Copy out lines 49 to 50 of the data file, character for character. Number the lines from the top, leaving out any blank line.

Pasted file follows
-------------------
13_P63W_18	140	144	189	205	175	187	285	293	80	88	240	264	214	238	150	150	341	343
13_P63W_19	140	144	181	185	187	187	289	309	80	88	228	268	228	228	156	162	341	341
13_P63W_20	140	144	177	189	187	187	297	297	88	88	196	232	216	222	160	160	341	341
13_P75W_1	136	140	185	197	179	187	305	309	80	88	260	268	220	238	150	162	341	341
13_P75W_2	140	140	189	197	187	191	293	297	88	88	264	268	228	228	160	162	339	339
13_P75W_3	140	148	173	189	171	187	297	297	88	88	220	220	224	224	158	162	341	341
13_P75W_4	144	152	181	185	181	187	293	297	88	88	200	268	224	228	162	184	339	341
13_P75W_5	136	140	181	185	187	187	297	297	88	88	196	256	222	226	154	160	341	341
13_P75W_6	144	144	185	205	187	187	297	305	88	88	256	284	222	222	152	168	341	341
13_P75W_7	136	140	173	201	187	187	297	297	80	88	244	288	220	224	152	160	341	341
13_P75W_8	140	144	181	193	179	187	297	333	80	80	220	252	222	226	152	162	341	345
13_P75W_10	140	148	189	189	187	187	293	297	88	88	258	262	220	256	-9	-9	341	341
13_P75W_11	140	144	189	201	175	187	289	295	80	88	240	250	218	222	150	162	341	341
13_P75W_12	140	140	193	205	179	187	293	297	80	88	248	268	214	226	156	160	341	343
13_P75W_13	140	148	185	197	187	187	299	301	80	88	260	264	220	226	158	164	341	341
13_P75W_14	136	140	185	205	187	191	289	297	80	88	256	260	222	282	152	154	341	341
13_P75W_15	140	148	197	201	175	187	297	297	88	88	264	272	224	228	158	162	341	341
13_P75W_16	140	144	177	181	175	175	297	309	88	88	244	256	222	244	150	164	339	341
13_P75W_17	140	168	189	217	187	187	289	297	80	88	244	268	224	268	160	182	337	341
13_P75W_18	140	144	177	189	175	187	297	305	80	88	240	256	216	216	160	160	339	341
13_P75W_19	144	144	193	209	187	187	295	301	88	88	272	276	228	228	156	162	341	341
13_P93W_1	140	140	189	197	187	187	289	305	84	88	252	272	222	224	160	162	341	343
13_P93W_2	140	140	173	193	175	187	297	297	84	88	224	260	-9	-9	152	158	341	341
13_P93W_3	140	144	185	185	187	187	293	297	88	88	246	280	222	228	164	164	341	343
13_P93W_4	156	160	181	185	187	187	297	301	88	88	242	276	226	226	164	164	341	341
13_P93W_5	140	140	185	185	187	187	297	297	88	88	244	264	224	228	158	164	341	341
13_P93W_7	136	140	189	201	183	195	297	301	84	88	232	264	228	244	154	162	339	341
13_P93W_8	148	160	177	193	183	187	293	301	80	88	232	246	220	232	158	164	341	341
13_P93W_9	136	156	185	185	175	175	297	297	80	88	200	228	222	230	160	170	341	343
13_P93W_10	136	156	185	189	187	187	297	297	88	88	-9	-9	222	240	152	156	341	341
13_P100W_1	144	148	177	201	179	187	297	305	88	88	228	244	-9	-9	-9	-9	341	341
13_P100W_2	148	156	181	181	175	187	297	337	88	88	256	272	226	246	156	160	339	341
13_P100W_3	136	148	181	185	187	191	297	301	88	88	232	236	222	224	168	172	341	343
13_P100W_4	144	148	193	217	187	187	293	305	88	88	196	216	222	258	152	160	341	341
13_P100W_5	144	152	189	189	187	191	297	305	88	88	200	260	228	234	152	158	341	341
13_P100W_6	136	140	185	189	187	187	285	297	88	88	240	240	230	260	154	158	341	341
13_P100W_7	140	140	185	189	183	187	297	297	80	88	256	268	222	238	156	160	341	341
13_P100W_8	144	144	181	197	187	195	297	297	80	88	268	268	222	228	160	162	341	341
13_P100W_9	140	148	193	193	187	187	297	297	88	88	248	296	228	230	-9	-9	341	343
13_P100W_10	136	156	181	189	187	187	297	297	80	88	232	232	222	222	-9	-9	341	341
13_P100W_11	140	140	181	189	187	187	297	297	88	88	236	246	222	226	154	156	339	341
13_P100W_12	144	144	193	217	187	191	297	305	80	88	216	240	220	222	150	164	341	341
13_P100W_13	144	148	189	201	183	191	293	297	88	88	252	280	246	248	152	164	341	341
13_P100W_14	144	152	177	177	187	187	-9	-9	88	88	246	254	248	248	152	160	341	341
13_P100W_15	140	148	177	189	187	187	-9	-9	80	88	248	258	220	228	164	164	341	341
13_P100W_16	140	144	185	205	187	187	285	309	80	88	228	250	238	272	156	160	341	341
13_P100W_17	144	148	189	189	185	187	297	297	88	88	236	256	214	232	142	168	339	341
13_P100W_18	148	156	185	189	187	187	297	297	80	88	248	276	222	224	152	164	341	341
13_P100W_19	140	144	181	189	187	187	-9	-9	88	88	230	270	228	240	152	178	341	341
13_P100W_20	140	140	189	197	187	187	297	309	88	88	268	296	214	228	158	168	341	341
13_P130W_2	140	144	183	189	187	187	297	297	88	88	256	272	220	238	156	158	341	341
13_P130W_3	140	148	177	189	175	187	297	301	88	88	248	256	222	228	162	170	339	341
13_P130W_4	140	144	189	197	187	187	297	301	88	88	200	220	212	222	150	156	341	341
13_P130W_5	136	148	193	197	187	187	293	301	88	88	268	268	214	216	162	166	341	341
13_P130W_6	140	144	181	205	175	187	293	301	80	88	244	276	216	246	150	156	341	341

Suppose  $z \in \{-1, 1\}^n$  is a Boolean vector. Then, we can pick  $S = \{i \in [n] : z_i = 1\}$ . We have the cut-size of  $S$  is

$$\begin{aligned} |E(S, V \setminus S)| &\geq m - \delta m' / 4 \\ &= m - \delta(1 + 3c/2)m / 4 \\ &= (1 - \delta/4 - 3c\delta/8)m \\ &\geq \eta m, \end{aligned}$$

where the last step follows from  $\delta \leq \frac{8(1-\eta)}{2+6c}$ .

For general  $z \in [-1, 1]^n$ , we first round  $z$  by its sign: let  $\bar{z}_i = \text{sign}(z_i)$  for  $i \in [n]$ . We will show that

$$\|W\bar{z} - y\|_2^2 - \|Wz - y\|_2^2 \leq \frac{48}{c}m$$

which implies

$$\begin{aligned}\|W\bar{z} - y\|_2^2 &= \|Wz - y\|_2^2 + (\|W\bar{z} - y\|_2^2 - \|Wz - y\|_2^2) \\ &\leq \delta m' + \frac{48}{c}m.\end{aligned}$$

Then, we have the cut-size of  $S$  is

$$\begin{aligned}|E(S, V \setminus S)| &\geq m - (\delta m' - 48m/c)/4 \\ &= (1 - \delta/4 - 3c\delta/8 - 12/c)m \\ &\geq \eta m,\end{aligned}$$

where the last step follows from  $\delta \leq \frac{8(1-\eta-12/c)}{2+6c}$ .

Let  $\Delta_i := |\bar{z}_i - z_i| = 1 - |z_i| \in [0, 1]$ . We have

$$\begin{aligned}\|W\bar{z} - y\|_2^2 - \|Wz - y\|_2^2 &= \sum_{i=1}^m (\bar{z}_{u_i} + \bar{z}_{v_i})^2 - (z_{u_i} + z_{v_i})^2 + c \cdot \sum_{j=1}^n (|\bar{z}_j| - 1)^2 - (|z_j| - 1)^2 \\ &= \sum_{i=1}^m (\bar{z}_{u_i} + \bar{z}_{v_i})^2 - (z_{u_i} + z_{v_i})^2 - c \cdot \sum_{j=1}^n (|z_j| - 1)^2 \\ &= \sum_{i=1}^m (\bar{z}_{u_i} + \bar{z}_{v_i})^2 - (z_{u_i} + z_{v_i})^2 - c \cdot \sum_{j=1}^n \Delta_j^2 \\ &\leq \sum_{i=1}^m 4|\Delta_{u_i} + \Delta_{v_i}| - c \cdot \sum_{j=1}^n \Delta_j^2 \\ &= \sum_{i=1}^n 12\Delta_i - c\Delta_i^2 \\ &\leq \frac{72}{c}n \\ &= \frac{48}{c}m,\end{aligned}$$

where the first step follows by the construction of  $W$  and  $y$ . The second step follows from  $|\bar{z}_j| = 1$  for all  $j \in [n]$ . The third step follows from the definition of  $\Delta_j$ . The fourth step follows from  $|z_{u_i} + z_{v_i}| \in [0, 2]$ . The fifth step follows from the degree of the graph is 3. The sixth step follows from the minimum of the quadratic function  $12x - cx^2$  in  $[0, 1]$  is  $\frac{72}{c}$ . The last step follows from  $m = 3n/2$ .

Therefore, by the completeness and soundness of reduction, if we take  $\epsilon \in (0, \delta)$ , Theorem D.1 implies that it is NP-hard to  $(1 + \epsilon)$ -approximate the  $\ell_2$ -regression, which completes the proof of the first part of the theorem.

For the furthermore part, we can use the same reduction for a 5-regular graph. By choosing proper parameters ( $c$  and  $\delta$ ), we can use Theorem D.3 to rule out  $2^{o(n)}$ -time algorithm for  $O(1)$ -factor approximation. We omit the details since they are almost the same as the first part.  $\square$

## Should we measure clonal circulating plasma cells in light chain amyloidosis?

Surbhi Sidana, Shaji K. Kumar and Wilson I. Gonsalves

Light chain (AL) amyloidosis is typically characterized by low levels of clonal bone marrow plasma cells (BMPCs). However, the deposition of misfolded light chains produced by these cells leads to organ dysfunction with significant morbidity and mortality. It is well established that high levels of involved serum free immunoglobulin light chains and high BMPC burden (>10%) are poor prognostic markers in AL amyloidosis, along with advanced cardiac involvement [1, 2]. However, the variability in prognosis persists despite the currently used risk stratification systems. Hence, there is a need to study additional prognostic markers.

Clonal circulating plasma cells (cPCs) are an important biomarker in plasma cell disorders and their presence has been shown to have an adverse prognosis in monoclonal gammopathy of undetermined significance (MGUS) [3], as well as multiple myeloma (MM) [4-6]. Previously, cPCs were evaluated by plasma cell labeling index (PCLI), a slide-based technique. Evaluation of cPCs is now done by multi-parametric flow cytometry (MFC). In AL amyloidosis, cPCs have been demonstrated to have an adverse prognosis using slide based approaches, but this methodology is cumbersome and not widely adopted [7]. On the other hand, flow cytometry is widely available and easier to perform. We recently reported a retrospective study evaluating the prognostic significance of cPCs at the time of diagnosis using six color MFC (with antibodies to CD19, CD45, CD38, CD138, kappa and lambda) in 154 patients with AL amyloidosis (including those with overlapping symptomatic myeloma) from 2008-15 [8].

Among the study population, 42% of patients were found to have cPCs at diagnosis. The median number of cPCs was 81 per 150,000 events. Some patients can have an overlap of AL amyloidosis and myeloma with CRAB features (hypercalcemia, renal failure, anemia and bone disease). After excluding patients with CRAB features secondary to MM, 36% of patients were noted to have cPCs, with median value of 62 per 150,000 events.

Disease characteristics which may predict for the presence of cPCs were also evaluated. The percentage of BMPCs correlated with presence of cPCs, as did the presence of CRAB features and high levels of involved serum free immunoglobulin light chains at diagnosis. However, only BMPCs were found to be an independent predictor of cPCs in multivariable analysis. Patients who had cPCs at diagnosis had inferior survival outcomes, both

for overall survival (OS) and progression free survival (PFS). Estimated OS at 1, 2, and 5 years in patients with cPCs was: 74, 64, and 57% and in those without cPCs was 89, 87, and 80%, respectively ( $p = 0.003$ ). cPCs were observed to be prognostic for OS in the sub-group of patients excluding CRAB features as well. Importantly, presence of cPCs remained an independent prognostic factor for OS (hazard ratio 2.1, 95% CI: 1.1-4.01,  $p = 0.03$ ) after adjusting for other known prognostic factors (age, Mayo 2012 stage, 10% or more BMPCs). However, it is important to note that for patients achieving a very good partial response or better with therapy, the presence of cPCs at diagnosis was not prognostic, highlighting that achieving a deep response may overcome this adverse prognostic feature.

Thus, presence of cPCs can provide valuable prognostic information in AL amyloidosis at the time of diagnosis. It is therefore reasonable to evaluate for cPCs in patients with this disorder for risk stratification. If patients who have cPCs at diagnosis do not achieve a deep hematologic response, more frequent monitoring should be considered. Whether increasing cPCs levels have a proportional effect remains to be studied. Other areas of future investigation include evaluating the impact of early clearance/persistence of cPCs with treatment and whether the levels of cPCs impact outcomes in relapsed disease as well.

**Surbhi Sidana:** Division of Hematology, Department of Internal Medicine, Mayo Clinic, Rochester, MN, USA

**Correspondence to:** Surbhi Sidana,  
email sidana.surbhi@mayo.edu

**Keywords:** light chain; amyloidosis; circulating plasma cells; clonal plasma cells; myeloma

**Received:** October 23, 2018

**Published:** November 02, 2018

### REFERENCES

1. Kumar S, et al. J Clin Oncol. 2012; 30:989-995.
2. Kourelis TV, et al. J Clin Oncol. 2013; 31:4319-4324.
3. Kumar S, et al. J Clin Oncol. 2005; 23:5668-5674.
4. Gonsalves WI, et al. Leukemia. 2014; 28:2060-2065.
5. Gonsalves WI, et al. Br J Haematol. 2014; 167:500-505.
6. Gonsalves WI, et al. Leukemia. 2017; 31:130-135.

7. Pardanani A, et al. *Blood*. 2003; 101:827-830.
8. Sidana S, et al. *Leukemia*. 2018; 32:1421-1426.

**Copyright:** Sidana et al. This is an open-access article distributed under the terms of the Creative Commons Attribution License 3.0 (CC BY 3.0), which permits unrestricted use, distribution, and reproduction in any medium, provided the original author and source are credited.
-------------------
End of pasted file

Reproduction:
13_P100W_19	140	144	181	189	187	187	-9	-9	88	88	230	270	228	240	152	178	341	341
13_P100W_20	140	140	189	197	187	187	297	309	88	88	268	296	214	228	158	168	341	341